Ael PJ, the son of our guesthouse owner in Udaipur and a founding partner of the social network 1LBL, said he wants to establish a social platform connecting Indian business leaders globally.

Various mobile applications are expanding in the Indian market, tapping a huge combined base of smartphone and feature phone users. They include taxi-hailing apps Ola and Uber, mobile payment Pay TM, food ordering application Zomato and digital entertainment apps and Tinder.

I couldn’t download the application on my iPhone with a China App Store account because the service is specifically targeted at overseas regions.

Chinese game firms like Shanghai-based Yoozoo are also expanding in the rapidly growing Indian market.

By 2034, the revenue of India’s e-commerce market is forecast to surpass that of the US, placing the world’s No. 2 market behind China globally, said researcher Worldpay.

Meanwhile, India’s data traffic cost is relatively low, a key catalyst to the growth of mobile applications and sales of smartphones.

Carriers AirTel and aggressive newcomer Jio offer users unlimited 4G data packages, covering retailers and channel partners with lucrative offers nationwide. My traveling companion, using his passport, easily bought a SIM card costing just 199 rupees for monthly data package — a fifth of the cost of a package in Shanghai.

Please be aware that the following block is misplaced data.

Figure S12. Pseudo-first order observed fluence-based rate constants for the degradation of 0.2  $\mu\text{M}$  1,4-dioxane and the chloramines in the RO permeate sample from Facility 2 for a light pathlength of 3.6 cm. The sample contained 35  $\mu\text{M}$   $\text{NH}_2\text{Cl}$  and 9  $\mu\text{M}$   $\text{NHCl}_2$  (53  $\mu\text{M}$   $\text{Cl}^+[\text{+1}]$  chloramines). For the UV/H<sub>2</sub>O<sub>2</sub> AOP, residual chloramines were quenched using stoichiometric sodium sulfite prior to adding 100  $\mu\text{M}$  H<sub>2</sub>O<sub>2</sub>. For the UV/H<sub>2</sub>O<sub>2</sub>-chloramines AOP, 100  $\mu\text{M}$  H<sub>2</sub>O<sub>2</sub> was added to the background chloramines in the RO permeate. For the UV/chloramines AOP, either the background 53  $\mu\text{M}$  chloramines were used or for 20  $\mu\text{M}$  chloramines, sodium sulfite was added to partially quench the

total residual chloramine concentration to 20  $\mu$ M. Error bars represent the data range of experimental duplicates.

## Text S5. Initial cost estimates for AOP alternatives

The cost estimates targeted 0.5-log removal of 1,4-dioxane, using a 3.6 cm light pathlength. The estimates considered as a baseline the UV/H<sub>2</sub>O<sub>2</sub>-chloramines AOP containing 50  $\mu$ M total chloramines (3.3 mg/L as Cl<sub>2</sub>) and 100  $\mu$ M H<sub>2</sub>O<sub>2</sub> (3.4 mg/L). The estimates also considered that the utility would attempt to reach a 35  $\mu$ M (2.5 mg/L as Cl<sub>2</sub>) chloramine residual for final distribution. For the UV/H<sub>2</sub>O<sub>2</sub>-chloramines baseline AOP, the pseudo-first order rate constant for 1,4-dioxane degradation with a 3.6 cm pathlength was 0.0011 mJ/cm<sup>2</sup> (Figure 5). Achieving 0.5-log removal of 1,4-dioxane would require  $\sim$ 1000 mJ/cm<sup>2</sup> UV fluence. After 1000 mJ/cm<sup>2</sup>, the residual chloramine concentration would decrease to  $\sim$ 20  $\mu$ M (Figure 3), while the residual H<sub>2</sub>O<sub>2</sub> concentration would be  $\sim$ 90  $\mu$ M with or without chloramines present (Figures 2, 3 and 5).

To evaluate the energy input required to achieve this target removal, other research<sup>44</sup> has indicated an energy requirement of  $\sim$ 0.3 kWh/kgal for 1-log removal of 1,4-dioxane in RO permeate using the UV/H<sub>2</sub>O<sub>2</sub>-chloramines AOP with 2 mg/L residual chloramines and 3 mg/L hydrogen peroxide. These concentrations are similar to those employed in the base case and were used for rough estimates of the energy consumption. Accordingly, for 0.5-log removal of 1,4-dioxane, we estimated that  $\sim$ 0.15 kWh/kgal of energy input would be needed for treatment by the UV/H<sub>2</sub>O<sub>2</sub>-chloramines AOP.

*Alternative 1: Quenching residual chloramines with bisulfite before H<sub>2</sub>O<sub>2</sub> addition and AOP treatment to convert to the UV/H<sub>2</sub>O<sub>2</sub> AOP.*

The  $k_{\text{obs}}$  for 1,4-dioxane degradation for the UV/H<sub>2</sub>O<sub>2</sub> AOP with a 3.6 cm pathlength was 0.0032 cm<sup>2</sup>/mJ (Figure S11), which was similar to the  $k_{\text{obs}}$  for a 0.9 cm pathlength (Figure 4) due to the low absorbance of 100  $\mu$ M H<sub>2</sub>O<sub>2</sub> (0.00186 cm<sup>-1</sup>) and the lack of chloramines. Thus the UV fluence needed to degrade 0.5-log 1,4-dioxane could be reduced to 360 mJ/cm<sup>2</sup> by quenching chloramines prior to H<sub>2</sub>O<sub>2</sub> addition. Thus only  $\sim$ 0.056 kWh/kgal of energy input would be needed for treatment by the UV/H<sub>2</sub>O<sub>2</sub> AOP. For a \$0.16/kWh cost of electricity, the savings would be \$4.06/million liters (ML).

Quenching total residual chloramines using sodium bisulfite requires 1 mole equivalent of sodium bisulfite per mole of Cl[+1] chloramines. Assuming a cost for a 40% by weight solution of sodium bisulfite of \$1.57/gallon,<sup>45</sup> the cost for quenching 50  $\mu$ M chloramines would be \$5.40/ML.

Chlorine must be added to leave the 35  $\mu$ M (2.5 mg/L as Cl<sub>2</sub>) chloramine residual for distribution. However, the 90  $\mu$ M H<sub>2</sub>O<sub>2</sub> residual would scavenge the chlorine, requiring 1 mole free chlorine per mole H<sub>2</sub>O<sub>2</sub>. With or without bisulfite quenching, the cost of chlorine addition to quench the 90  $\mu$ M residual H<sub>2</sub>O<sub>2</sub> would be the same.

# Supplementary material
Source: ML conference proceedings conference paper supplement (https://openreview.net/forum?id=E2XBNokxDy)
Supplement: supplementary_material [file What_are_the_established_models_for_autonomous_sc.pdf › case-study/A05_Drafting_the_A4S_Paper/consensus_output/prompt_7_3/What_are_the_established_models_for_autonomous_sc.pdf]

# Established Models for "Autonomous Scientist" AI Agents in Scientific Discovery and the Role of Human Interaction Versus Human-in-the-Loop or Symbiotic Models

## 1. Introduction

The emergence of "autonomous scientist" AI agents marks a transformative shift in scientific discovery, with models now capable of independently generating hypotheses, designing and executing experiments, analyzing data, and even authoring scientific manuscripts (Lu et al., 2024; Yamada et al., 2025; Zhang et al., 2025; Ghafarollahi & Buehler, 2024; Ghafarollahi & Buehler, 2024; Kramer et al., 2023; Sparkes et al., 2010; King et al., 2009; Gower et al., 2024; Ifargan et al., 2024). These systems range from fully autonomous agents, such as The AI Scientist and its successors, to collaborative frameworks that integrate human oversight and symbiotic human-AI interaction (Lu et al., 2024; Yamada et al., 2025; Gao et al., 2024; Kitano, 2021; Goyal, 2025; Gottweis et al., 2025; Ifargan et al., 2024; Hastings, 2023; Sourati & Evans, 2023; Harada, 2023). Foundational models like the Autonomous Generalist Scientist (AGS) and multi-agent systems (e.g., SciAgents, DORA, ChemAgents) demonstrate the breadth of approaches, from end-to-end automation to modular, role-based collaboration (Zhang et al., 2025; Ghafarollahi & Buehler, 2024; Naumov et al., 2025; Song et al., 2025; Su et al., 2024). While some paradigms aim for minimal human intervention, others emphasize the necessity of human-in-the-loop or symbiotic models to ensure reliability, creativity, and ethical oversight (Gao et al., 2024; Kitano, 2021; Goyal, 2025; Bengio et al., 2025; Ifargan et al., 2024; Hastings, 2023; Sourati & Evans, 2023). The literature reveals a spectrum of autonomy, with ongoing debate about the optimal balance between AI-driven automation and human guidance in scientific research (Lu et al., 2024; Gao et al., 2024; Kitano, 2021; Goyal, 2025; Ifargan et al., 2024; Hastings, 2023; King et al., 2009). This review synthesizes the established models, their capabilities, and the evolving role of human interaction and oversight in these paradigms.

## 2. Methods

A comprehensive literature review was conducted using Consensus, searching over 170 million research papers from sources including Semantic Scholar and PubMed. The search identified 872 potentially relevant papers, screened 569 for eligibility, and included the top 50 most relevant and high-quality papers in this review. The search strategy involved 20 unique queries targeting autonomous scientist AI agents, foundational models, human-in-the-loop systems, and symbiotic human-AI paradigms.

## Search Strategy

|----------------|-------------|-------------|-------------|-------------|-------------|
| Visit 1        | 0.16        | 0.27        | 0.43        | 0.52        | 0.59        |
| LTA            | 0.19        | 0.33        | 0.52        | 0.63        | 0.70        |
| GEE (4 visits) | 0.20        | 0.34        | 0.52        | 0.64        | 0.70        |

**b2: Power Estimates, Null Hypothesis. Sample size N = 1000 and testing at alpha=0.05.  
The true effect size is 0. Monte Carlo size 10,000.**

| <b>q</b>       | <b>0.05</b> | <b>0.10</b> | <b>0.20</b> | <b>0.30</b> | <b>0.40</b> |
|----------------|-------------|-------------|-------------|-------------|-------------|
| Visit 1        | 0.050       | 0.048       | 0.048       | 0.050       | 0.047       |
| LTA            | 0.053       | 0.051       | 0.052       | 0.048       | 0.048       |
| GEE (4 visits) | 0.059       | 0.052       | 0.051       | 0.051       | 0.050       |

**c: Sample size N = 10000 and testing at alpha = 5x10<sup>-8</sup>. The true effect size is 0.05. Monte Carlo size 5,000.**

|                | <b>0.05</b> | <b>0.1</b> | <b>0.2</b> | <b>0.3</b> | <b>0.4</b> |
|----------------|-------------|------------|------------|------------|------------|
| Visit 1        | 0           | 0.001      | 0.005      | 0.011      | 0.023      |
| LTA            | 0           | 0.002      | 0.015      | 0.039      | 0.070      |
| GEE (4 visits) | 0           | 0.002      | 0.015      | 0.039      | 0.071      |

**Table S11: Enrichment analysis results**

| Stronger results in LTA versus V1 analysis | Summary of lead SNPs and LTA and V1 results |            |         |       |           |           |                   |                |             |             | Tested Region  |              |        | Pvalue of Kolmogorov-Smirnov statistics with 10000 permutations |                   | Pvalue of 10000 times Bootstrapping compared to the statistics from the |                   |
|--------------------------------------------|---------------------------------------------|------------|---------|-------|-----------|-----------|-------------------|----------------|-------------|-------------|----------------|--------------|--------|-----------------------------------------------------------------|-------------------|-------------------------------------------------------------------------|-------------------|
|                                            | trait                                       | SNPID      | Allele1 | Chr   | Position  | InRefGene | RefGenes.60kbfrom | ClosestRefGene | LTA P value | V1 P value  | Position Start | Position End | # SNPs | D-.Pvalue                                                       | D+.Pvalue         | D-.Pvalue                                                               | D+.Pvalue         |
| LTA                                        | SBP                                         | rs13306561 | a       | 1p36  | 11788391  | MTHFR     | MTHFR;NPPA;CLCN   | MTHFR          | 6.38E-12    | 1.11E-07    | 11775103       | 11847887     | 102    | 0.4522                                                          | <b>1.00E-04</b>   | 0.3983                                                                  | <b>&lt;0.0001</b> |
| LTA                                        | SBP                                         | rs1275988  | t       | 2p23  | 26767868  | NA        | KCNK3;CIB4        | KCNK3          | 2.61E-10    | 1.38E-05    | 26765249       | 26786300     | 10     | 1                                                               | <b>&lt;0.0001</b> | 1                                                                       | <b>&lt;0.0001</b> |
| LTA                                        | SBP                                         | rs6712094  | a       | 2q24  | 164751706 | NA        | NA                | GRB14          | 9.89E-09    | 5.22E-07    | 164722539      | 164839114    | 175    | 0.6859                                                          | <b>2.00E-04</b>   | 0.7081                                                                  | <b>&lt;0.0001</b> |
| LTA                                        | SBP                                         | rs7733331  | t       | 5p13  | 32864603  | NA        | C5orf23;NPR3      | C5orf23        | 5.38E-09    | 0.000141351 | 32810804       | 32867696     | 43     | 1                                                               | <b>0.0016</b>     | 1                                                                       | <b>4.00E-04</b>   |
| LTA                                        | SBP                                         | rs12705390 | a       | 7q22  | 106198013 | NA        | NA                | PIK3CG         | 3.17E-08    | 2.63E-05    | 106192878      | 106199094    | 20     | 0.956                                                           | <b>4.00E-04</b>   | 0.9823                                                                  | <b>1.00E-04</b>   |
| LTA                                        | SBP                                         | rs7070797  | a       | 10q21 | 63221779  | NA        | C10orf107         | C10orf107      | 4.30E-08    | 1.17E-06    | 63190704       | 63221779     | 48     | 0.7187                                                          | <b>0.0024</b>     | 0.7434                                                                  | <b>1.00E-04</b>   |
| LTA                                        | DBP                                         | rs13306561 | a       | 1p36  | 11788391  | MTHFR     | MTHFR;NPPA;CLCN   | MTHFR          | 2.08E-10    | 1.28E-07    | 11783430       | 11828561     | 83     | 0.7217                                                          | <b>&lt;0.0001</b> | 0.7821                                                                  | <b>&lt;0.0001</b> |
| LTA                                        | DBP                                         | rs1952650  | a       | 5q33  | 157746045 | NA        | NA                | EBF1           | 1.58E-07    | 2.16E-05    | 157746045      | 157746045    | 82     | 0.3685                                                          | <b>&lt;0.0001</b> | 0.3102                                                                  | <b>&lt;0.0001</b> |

India lags China in mobile phones, but it's catching up
Ti Gong

IDC figures for Indian market 

Chinese brands in India

Oppo, Xiaomi and Vivo have become well-known brands in India, as we learned from people we talked to — from street taxi drivers, shop owners to hotel staff.

Traveling to Agra from Delhi, I struck up a conversation with our taxi driver. He owns an Oppo F3 and said the Chinese brand is a “good one.”

A hotel manager in Delhi held my friend’s Xiaomi Mix 2 for 15 minutes with various questions about price and features. The guesthouse staff in Bundi used an OnePlus model — also a Chinese brand focused on overseas markets — to watch broadcast programs.

These trends have not gone unobserved by industry analysts and researchers.

In the fourth quarter, China’s Xiaomi beat Samsung to become the leading smartphone brand in India. Vivo, Oppo and Lenovo were among the other top five vendors, according to a report by researcher Canalys.

In 2017, China-based vendors took a combined 53 percent of the market in Indian smartphones, up from 34 percent a year earlier. Vast untapped demand exists in lower-tier cities, said IDC.

India’s local brands are more focused on the entry-level market, offering affordable 4G-enabled feature phones. Chinese brands are expanding into the market segment of phones costing 15,000 rupees or more.

In the premium segment, I didn’t see people on the streets using iPhone X or Samsung’s flagship models. Ael, the guesthouse owner’s son, who used to work in New York, was using an old iPhone 5.

Chinese vendors are increasing investment to consolidate their footprints in India.

Xiaomi, which just introduced new smartphones and TVs in India recently, plans to open 100 stores in the country.

So, it wasn’t strange to see Chinese brands frequently during my trip.

They included Xiaomi’s advertising in the front page of the national newspaper Times of India, Vivo outdoor advertisements covering the whole wall of a Delhi metro station, and a OnePlus ad in the Delhi Indira Gandhi International Airport. Vivo also sponsors the Indian Premier League (IPL) until 2022, the biggest cricketing game in the world.